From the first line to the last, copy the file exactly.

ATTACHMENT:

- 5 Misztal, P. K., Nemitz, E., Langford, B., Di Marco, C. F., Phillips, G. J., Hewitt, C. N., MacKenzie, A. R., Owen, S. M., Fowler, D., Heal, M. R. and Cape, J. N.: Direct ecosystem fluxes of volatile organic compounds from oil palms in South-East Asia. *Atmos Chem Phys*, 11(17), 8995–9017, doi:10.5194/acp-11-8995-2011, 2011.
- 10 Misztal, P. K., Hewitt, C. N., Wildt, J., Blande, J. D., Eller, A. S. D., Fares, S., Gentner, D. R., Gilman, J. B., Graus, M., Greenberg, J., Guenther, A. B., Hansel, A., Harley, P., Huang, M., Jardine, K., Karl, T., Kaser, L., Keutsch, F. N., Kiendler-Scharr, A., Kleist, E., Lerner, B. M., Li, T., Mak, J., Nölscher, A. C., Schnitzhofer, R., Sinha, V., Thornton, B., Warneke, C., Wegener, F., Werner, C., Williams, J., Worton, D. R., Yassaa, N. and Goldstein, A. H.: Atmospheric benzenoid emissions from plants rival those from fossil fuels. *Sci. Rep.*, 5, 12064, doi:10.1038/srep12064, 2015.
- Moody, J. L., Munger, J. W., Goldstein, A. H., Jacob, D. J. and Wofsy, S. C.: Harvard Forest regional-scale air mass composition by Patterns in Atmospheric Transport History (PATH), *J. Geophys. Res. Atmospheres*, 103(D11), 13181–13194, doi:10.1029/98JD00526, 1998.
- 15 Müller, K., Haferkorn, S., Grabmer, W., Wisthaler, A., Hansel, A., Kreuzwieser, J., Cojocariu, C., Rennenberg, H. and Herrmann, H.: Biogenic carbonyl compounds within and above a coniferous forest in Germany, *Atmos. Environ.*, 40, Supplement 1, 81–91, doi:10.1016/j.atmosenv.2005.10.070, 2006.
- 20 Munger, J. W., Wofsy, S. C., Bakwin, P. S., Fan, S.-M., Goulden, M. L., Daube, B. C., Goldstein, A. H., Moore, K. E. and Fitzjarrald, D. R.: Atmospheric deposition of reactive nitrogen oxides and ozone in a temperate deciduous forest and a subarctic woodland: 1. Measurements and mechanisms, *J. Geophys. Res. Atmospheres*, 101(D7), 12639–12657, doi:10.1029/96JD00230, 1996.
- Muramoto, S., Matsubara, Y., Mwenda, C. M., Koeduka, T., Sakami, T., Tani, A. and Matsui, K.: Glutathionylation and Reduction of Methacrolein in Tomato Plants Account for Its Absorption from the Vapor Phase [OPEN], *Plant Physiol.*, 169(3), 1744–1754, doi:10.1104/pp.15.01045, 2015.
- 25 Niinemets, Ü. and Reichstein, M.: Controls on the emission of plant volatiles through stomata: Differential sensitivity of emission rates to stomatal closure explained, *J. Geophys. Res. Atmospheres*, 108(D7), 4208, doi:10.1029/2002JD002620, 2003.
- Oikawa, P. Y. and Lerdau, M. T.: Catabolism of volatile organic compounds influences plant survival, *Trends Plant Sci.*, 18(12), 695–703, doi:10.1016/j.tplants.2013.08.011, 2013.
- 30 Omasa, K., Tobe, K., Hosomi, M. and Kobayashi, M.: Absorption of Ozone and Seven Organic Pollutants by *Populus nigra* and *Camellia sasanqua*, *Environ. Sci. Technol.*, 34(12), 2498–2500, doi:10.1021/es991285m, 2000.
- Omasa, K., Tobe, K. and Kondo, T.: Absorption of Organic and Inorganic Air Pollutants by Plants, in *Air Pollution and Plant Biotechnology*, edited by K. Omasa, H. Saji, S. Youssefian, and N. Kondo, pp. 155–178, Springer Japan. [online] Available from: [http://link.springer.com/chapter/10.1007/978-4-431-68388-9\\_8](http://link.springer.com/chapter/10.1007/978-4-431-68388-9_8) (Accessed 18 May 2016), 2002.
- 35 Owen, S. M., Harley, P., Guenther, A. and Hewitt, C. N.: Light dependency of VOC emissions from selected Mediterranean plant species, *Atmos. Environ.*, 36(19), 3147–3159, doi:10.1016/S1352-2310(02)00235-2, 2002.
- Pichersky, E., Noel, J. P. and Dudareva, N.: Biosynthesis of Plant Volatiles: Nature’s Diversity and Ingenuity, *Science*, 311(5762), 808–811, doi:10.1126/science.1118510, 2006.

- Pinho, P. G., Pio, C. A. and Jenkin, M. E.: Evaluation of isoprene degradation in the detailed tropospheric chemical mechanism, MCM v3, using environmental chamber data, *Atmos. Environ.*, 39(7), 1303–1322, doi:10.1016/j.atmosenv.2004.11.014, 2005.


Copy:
- 5 Misztal, P. K., Nemitz, E., Langford, B., Di Marco, C. F., Phillips, G. J., Hewitt, C. N., MacKenzie, A. R., Owen, S. M., Fowler, D., Heal, M. R. and Cape, J. N.: Direct ecosystem fluxes of volatile organic compounds from oil palms in South-East Asia. *Atmos Chem Phys*, 11(17), 8995–9017, doi:10.5194/acp-11-8995-2011, 2011.
- 10 Misztal, P. K., Hewitt, C. N., Wildt, J., Blande, J. D., Eller, A. S. D., Fares, S., Gentner, D. R., Gilman, J. B., Graus, M., Greenberg, J., Guenther, A. B., Hansel, A., Harley, P., Huang, M., Jardine, K., Karl, T., Kaser, L., Keutsch, F. N., Kiendler-Scharr, A., Kleist, E., Lerner, B. M., Li, T., Mak, J., Nölscher, A. C., Schnitzhofer, R., Sinha, V., Thornton, B., Warneke, C., Wegener, F., Werner, C., Williams, J., Worton, D. R., Yassaa, N. and Goldstein, A. H.: Atmospheric benzenoid emissions from plants rival those from fossil fuels. *Sci. Rep.*, 5, 12064, doi:10.1038/srep12064, 2015.
- Moody, J. L., Munger, J. W., Goldstein, A. H., Jacob, D. J. and Wofsy, S. C.: Harvard Forest regional-scale air mass composition by Patterns in Atmospheric Transport History (PATH), *J. Geophys. Res. Atmospheres*, 103(D11), 13181–13194, doi:10.1029/98JD00526, 1998.
- 15 Müller, K., Haferkorn, S., Grabmer, W., Wisthaler, A., Hansel, A., Kreuzwieser, J., Cojocariu, C., Rennenberg, H. and Herrmann, H.: Biogenic carbonyl compounds within and above a coniferous forest in Germany, *Atmos. Environ.*, 40, Supplement 1, 81–91, doi:10.1016/j.atmosenv.2005.10.070, 2006.
- 20 Munger, J. W., Wofsy, S. C., Bakwin, P. S., Fan, S.-M., Goulden, M. L., Daube, B. C., Goldstein, A. H., Moore, K. E. and Fitzjarrald, D. R.: Atmospheric deposition of reactive nitrogen oxides and ozone in a temperate deciduous forest and a subarctic woodland: 1. Measurements and mechanisms, *J. Geophys. Res. Atmospheres*, 101(D7), 12639–12657, doi:10.1029/96JD00230, 1996.
- Muramoto, S., Matsubara, Y., Mwenda, C. M., Koeduka, T., Sakami, T., Tani, A. and Matsui, K.: Glutathionylation and Reduction of Methacrolein in Tomato Plants Account for Its Absorption from the Vapor Phase [OPEN], *Plant Physiol.*, 169(3), 1744–1754, doi:10.1104/pp.15.01045, 2015.
- 25 Niinemets, Ü. and Reichstein, M.: Controls on the emission of plant volatiles through stomata: Differential sensitivity of emission rates to stomatal closure explained, *J. Geophys. Res. Atmospheres*, 108(D7), 4208, doi:10.1029/2002JD002620, 2003.
- Oikawa, P. Y. and Lerdau, M. T.: Catabolism of volatile organic compounds influences plant survival, *Trends Plant Sci.*, 18(12), 695–703, doi:10.1016/j.tplants.2013.08.011, 2013.
- 30 Omasa, K., Tobe, K., Hosomi, M. and Kobayashi, M.: Absorption of Ozone and Seven Organic Pollutants by *Populus nigra* and *Camellia sasanqua*, *Environ. Sci. Technol.*, 34(12), 2498–2500, doi:10.1021/es991285m, 2000.
- Omasa, K., Tobe, K. and Kondo, T.: Absorption of Organic and Inorganic Air Pollutants by Plants, in *Air Pollution and Plant Biotechnology*, edited by K. Omasa, H. Saji, S. Youssefian, and N. Kondo, pp. 155–178, Springer Japan. [online] Available from: [http://link.springer.com/chapter/10.1007/978-4-431-68388-9\\_8](http://link.springer.com/chapter/10.1007/978-4-431-68388-9_8) (Accessed 18 May 2016), 2002.
- 35 Owen, S. M., Harley, P., Guenther, A. and Hewitt, C. N.: Light dependency of VOC emissions from selected Mediterranean plant species, *Atmos. Environ.*, 36(19), 3147–3159, doi:10.1016/S1352-2310(02)00235-2, 2002.
- Pichersky, E., Noel, J. P. and Dudareva, N.: Biosynthesis of Plant Volatiles: Nature’s Diversity and Ingenuity, *Science*, 311(5762), 808–811, doi:10.1126/science.1118510, 2006.

- Pinho, P. G., Pio, C. A. and Jenkin, M. E.: Evaluation of isoprene degradation in the detailed tropospheric chemical mechanism, MCM v3, using environmental chamber data, *Atmos. Environ.*, 39(7), 1303–1322, doi:10.1016/j.atmosenv.2004.11.014, 2005.